Mom at work

What I Learn From My Boss

…that’s not about work is parenting.

My boss is a couple of years older than me and she’s a mother of three kids. Every now and then, we’d talking about raising children and I find her tips very, very helpful.

I would like to share the things that I learn from her: from discipline, managing expectations, health, and education. There’s quite a lot so I’ll write about them in other entries. Let me share one on this entry.

On Managing Toy Store Visits

Recently, Lucas has a liking for a certain I’d like to call BJ. He’s the yellow triceratops in the kids’ show, Barney and friends. The last time we visited a toy store, Lucas saw BJ, grabbed it, and walked away with it. I let him carry the toy without the intention of buying it. I distracted him with another toy that I was going to buy for him, and asked Yaya to return the BJ toy back on the shelf.

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No-no: My boss said that was a no-no. It’s a violation of trust. It’s easy to distract Lucas now because he’s only 2 years old. When he gets older though, if I allow him to get a toy and plan on diversion afterwards, he’ll either expect me to buy it for him or he won’t let go of it because he will learn that sooner or later, I will distract him and take the toy away from him. The same goes for parents saying they will step out of the toy store and come back to buy it later, only to intentionally forget about it. Lines like, “Ay nakalimutan na natin bilhin yung toy” (Oh, we forgot to buy the toy), are not helpful. For a child, when their parents say they’ll return to buy the toy, they are already anticipating for it. Frequent “forgetfulness” will only breed doubt and may cause the child not to trust his/her parents anymore.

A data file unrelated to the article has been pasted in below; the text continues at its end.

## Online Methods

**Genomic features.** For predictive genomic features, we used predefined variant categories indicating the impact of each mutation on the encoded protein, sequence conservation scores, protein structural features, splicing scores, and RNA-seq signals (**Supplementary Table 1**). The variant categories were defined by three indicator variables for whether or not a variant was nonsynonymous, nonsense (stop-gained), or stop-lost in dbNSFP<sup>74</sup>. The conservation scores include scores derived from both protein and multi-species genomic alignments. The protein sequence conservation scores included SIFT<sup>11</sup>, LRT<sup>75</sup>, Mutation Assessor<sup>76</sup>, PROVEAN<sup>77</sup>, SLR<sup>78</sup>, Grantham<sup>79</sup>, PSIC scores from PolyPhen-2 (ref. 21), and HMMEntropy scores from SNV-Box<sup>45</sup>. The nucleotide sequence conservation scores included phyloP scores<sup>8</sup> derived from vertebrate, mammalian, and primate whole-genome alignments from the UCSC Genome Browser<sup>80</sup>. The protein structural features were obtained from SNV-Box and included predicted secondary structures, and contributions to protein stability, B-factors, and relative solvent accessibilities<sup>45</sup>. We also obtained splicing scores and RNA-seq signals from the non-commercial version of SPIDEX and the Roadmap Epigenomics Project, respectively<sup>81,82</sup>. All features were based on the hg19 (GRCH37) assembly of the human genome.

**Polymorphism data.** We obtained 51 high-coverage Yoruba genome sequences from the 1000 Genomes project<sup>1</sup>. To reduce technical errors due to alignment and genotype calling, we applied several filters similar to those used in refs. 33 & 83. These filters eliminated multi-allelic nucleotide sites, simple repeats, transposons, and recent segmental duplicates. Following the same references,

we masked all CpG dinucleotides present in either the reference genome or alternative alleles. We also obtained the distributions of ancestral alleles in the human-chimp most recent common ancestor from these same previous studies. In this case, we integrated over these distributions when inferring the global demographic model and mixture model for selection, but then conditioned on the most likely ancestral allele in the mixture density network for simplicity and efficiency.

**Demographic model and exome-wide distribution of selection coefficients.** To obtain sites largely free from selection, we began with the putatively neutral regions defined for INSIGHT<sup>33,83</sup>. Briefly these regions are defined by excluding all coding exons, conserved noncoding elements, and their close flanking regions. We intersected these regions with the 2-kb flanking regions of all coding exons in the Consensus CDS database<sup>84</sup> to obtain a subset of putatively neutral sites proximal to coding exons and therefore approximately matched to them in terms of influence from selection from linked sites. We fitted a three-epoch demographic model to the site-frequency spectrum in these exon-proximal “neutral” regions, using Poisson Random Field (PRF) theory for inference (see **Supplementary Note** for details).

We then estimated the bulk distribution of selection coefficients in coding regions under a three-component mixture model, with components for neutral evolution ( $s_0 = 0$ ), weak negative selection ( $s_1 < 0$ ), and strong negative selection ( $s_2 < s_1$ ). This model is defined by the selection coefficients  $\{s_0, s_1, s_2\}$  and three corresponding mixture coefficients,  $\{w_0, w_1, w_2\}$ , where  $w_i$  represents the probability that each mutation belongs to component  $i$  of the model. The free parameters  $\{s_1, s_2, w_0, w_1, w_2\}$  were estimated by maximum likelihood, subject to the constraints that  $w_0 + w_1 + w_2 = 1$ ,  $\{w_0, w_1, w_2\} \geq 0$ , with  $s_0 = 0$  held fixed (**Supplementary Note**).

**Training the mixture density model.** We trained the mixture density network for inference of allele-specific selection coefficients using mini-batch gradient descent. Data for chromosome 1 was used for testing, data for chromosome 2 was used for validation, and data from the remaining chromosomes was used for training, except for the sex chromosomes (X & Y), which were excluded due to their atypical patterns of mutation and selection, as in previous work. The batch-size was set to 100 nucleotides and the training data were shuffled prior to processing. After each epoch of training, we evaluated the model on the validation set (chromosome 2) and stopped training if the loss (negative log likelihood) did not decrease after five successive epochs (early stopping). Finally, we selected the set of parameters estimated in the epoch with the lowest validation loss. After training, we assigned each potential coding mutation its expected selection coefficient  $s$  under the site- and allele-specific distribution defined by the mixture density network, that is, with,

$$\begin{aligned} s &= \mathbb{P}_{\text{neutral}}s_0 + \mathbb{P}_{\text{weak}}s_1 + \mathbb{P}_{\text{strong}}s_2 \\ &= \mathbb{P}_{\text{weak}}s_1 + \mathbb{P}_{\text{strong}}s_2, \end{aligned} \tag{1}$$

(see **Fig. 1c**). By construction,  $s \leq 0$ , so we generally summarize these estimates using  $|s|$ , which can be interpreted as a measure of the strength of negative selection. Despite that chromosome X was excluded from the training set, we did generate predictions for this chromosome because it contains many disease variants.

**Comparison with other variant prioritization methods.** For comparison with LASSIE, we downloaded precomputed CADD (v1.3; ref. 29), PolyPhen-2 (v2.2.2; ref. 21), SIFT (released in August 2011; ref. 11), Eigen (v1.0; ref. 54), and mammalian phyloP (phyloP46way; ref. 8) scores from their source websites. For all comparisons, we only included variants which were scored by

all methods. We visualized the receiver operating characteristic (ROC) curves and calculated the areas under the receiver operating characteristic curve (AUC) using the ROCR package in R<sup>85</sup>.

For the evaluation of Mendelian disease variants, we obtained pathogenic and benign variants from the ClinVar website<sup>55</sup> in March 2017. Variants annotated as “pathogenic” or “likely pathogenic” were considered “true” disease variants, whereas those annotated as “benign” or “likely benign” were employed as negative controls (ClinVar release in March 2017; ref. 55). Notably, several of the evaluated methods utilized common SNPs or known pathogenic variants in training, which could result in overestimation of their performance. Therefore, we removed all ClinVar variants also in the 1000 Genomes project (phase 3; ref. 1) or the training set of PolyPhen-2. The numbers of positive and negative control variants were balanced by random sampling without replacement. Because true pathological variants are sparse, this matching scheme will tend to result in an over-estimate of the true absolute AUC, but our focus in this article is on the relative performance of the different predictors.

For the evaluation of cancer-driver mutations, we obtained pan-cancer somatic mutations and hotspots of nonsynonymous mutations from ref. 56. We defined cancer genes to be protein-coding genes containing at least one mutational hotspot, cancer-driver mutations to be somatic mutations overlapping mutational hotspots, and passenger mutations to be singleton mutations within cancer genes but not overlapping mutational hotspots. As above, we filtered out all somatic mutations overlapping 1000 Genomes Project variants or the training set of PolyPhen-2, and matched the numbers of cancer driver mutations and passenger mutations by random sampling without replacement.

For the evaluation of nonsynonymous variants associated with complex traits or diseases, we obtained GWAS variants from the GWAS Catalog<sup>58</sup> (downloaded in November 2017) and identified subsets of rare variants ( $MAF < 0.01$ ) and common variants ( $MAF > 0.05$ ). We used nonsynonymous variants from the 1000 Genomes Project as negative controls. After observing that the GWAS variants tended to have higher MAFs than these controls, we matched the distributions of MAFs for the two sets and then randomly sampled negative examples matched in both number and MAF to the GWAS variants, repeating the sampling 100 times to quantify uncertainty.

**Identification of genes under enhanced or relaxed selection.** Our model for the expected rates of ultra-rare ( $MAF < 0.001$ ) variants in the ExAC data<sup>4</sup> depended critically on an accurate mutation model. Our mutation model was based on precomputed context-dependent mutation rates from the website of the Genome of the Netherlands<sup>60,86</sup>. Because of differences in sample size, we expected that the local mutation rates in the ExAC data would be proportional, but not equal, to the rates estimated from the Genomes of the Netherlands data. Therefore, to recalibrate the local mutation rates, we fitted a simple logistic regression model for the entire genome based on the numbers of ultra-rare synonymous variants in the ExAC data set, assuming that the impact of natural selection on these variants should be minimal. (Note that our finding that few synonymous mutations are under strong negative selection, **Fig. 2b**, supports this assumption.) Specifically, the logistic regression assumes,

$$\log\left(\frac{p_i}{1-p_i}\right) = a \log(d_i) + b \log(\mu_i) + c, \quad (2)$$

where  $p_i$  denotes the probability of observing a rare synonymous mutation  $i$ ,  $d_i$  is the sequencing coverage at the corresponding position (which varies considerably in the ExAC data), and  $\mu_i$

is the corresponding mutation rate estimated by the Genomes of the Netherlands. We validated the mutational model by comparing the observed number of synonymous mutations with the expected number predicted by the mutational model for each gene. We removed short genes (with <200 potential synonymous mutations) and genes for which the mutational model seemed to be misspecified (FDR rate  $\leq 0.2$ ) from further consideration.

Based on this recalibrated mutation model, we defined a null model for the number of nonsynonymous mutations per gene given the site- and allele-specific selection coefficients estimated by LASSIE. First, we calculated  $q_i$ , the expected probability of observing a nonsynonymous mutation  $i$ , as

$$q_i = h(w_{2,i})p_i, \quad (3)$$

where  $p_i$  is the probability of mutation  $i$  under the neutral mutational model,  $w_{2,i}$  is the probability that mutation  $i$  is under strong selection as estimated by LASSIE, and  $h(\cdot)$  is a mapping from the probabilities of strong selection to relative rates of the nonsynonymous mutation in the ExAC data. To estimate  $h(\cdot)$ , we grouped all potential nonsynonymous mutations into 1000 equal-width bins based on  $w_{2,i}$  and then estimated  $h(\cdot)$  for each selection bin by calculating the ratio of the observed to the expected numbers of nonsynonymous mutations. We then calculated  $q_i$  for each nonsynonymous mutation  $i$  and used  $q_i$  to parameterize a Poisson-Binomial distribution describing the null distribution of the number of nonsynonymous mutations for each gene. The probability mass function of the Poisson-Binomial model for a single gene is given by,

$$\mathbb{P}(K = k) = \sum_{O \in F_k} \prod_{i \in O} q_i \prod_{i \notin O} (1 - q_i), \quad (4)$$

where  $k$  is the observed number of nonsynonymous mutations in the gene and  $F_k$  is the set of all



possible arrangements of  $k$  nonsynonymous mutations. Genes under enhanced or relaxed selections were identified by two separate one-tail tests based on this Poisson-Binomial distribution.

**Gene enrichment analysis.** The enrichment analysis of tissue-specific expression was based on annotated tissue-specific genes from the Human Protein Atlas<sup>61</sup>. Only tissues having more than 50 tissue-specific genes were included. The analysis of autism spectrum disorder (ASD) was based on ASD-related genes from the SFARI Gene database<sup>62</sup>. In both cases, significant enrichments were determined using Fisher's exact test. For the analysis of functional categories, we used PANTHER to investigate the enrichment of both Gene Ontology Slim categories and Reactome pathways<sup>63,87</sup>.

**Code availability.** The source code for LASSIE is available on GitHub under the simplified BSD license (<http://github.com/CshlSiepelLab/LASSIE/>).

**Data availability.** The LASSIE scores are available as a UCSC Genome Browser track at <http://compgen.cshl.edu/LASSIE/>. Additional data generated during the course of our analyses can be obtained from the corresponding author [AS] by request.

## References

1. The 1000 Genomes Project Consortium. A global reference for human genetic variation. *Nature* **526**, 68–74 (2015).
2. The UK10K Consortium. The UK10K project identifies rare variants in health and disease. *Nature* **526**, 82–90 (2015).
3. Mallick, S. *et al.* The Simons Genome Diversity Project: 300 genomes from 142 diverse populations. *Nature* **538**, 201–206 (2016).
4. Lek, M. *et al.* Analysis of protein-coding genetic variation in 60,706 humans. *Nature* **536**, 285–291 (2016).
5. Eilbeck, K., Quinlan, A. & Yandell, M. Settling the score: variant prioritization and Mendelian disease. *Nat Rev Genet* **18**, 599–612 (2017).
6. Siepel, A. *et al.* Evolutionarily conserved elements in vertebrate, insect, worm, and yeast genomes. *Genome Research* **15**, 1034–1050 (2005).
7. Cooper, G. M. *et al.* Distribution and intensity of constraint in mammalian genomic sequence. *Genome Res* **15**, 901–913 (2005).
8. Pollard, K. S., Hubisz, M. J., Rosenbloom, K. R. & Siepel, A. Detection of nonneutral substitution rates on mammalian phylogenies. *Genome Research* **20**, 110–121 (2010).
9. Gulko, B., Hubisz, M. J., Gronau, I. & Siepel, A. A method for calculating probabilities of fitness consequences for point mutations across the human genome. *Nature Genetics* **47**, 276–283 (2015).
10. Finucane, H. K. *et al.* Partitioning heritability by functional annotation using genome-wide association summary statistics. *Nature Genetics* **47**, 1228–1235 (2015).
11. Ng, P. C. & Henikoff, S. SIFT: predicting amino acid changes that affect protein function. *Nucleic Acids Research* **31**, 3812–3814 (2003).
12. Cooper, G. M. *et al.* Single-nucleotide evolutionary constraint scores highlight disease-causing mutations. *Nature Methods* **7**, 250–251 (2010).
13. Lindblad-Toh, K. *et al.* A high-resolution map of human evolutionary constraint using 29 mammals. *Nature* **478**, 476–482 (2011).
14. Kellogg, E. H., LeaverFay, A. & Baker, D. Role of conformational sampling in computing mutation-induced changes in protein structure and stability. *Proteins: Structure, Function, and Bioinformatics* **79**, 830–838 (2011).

How do we manage? My boss said to set their expectations even before you enter the store. Set rules and make an agreement with your child. That way, they will not feel betrayed because they know that he/she and Mom or Dad had an agreement. For example, before going to store, tell your child that you (him/her and you) will only look, but will not buy any toy. They can touch, play with it (if allowed) but will not buy. If this agreement was made even before the parent and child came in to the store, then the parent will just remind the child about the agreement. I think this technique harnesses obedience and understanding of rules. When you do set rules, stick with them. My boss said, I can use this technique as early as now. Even if my Little Jedi does not entirely understand what I am saying, eventually he will. It’s good that discussions like this becomes part of our “malling routine” as early as now. Discipline and obedience can start at a very young age too.

This is just one of the many discussion my boss and I have. I’ll try to share every parenting tip that I get from her because I am pretty sure that we’ll be able to relate to it, one way or another.

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12 thoughts on “What I Learn From My Boss